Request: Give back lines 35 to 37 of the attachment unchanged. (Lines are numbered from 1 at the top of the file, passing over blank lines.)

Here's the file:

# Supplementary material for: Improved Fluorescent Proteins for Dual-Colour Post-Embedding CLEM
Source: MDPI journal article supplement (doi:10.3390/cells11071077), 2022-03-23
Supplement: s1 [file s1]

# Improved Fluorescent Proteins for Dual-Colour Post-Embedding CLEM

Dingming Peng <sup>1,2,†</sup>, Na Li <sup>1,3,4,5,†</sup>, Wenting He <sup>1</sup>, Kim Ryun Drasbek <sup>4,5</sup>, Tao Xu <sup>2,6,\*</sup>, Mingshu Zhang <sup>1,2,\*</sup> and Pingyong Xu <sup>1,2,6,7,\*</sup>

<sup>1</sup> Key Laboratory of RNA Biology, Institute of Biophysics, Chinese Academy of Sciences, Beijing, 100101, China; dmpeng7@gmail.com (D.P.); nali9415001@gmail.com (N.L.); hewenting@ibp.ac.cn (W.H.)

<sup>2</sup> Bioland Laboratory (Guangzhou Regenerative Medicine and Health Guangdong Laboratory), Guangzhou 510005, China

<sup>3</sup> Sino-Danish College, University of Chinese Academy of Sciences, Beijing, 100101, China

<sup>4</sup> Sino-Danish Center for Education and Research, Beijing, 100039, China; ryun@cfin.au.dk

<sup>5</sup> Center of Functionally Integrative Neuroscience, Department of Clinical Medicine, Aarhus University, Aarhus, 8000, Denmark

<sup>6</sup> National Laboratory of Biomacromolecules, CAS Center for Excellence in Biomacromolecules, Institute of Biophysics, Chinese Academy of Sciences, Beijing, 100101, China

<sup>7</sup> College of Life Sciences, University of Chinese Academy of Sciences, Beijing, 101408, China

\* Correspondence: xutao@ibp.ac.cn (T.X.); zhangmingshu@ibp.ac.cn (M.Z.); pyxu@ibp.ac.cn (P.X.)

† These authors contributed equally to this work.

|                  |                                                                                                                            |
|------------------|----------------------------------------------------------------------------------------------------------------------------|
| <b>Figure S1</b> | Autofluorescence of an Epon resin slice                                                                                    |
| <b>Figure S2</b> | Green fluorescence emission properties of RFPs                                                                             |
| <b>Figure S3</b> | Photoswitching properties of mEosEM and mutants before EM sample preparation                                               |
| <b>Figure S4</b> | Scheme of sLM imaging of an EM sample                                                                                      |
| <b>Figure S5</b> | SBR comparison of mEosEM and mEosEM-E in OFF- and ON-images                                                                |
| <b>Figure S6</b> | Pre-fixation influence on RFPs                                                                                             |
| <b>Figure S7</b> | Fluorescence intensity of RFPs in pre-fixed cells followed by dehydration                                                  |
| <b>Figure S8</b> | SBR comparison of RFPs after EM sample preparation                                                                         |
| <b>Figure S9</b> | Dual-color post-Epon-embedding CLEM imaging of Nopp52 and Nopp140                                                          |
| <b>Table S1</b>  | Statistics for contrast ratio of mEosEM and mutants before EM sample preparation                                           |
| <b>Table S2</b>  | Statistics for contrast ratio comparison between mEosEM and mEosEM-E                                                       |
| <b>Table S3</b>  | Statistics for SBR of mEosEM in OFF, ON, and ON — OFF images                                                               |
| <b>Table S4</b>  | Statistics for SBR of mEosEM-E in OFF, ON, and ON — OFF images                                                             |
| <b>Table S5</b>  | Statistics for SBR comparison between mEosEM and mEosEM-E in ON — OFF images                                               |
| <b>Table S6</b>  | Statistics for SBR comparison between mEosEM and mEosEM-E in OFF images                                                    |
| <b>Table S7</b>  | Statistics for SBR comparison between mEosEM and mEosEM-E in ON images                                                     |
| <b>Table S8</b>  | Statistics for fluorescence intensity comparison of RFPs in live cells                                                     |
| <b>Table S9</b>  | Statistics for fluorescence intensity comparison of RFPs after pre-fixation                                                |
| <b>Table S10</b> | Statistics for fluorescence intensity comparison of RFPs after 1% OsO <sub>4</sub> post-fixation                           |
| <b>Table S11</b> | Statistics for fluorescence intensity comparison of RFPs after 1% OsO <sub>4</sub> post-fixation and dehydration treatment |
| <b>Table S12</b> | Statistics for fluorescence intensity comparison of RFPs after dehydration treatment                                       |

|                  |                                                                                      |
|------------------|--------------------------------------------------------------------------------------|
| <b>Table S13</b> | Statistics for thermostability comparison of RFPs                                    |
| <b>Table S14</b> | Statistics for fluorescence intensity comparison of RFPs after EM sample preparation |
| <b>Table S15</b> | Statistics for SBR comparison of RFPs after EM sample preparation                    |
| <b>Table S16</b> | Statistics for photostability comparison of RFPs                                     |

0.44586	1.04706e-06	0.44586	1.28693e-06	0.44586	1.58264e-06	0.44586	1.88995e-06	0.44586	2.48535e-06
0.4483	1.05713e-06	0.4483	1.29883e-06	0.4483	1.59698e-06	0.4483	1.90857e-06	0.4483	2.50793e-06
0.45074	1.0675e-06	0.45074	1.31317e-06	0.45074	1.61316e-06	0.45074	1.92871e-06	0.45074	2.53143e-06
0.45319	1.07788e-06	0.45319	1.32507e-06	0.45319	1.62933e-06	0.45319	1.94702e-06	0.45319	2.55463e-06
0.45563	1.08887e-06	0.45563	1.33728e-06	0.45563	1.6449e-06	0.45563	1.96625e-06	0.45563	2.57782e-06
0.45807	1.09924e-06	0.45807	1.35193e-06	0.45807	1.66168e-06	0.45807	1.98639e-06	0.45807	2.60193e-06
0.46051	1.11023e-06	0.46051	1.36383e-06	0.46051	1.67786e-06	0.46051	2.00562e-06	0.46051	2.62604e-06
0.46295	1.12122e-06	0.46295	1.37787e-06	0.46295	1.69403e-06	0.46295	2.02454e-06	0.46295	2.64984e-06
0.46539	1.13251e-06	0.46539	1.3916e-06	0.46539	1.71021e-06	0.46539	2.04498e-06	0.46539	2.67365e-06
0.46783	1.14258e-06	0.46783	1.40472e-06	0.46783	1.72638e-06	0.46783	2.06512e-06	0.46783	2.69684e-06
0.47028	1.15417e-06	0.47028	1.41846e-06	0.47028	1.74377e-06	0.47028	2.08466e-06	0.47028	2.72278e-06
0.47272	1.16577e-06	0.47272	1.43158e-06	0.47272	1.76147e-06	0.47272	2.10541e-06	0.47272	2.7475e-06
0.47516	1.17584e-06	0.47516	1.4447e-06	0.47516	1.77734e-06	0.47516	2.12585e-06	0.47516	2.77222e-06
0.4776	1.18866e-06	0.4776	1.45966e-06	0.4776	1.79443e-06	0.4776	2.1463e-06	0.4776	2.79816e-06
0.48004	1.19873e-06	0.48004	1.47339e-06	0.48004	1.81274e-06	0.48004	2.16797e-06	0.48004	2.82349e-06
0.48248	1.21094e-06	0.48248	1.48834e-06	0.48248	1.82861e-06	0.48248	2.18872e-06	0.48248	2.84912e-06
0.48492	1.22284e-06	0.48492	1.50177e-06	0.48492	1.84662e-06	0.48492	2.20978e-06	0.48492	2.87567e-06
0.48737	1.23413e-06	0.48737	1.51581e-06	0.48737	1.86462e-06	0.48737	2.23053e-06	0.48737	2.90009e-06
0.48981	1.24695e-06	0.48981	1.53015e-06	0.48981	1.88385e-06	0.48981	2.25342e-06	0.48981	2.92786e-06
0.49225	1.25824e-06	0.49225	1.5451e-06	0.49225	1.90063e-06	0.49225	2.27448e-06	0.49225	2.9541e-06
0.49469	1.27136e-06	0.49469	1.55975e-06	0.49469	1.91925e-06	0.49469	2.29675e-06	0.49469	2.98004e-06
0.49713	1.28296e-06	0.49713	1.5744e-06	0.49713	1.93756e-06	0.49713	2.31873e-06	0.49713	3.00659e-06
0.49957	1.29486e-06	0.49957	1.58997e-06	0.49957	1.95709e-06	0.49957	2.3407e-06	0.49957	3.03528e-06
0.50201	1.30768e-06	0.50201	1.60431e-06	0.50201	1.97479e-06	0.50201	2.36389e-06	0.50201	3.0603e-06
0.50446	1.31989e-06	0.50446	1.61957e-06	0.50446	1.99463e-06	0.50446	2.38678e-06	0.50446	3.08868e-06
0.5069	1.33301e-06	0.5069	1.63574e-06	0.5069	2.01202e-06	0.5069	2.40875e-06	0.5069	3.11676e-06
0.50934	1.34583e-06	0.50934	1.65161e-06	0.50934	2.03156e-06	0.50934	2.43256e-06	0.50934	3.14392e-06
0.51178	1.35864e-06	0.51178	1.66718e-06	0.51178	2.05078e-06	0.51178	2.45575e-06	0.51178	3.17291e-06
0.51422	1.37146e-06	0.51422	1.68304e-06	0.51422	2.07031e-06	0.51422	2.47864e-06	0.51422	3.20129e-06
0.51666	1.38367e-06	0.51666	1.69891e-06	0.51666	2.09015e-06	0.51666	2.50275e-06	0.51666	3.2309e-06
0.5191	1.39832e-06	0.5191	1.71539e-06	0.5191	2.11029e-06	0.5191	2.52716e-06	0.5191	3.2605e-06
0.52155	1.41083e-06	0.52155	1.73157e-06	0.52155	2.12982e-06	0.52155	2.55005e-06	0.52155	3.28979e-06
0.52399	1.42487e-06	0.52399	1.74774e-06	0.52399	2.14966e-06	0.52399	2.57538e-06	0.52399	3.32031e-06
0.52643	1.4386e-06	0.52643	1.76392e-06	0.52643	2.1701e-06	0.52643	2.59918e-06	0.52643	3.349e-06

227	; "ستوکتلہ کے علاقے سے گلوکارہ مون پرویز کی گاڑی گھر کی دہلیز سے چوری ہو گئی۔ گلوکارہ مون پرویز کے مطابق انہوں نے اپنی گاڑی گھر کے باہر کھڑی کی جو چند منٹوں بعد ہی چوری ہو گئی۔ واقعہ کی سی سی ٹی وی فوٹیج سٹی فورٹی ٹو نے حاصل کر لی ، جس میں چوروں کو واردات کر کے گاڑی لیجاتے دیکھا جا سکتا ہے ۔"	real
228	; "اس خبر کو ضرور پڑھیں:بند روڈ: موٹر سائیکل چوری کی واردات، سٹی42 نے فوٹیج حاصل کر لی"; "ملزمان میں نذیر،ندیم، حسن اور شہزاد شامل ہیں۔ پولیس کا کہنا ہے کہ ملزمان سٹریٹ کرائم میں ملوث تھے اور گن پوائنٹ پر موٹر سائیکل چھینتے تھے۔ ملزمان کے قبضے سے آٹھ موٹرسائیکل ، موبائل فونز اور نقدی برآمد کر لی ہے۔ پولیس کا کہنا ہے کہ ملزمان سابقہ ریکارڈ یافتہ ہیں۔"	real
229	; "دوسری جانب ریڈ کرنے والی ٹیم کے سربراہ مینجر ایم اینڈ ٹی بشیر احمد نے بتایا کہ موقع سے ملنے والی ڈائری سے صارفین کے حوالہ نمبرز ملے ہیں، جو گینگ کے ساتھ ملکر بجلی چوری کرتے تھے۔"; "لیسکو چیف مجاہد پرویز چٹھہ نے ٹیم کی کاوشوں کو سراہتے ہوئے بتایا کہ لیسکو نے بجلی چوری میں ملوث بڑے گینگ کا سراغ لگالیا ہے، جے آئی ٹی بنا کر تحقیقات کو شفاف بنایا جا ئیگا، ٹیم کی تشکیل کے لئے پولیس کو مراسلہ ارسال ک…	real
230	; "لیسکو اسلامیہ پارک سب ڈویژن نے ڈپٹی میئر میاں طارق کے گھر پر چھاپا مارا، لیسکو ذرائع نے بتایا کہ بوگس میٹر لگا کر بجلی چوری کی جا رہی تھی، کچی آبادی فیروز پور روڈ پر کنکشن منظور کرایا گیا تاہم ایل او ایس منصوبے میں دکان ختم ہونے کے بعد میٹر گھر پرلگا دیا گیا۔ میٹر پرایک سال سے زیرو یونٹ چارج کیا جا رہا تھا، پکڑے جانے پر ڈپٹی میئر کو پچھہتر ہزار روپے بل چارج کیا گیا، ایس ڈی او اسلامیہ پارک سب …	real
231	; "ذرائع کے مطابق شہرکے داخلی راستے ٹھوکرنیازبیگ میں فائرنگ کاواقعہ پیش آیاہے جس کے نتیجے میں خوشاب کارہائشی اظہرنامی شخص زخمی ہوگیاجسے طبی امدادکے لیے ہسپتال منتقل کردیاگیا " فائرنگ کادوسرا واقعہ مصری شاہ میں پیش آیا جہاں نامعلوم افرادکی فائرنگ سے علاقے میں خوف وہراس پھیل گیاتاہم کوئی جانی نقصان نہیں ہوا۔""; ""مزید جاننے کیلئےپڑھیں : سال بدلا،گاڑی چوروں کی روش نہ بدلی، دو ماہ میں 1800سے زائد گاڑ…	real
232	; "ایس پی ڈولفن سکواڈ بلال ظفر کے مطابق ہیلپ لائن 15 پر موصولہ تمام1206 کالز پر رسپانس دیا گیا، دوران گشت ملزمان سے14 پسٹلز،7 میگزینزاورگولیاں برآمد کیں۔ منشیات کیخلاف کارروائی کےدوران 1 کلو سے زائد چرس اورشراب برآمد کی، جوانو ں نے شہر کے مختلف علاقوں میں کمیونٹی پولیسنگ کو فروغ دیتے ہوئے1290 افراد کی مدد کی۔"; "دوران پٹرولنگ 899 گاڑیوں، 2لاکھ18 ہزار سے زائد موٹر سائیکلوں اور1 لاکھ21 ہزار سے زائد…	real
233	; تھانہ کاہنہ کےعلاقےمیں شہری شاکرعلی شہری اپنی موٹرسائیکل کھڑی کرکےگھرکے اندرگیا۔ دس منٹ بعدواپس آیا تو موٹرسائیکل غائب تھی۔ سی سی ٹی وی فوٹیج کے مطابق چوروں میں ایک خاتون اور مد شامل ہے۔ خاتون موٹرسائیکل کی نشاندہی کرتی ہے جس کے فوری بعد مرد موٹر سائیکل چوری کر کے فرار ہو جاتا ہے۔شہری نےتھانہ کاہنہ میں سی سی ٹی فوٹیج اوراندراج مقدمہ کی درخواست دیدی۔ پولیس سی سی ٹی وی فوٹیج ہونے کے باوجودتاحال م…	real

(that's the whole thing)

| <b>Table S10</b> | Statistics for fluorescence intensity comparison of RFPs after 1% OsO <sub>4</sub> post-fixation                           |
| <b>Table S11</b> | Statistics for fluorescence intensity comparison of RFPs after 1% OsO <sub>4</sub> post-fixation and dehydration treatment |
| <b>Table S12</b> | Statistics for fluorescence intensity comparison of RFPs after dehydration treatment                                       |